Middle aged? Put down the meat
3/6/2014, 10:19 a.m.
continued When the mice were switched from a high-protein diet to a low-protein diet, researchers saw a 30% decrease in their IGF-1 levels.
“Almost everyone is going to have a cancer cell or pre-cancer cell in them at some point. The question is: Does it progress?” study author Valter Longo said in a press release. “Turns out one of the major factors in determining if it does is protein intake.”
Eating more than 10% of your calories from animal proteins in middle age could increase your risk of dying from diseases such as cancer and diabetes. But after 65, you may need that extra protein to protect your body from becoming frail.
“The majority of Americans are eating about twice as much proteins as they should," Longo said. "It seems that the best change would be to lower the daily intake of all proteins, but especially animal-derived proteins."
Walter Willett, an epidemiologist at Harvard's School of Public Health, says not much should be made of this study's findings. It's unreasonable to treat "animal protein" as one class, he says, as fish, poultry and red meat are all very different.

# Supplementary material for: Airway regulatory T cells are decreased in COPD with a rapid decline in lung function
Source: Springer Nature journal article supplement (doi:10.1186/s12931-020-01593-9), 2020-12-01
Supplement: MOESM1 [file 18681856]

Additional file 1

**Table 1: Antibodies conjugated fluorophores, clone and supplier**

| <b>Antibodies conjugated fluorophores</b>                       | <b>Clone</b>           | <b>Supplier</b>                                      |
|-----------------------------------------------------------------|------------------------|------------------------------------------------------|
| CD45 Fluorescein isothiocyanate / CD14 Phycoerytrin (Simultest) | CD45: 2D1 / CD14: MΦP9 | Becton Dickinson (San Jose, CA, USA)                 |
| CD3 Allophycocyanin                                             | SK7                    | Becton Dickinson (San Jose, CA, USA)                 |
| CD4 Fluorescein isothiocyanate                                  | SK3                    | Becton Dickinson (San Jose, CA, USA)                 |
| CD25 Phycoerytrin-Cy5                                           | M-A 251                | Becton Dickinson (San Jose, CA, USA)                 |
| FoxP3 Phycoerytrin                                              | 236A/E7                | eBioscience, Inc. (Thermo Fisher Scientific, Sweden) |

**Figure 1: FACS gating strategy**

Willett also noted that the headline on the press release associated with this study -- "Meat and cheese may be as bad for you as smoking" -- is a vast overstatement. The researchers did not include data on smoking in their study.
The Institute of Medicine's Food and Nutrition Board recommends eating about 0.8 grams of protein per kilogram of body weight every day in middle age. So a 160-pound person should eat about 55 to 60 grams of protein a day.
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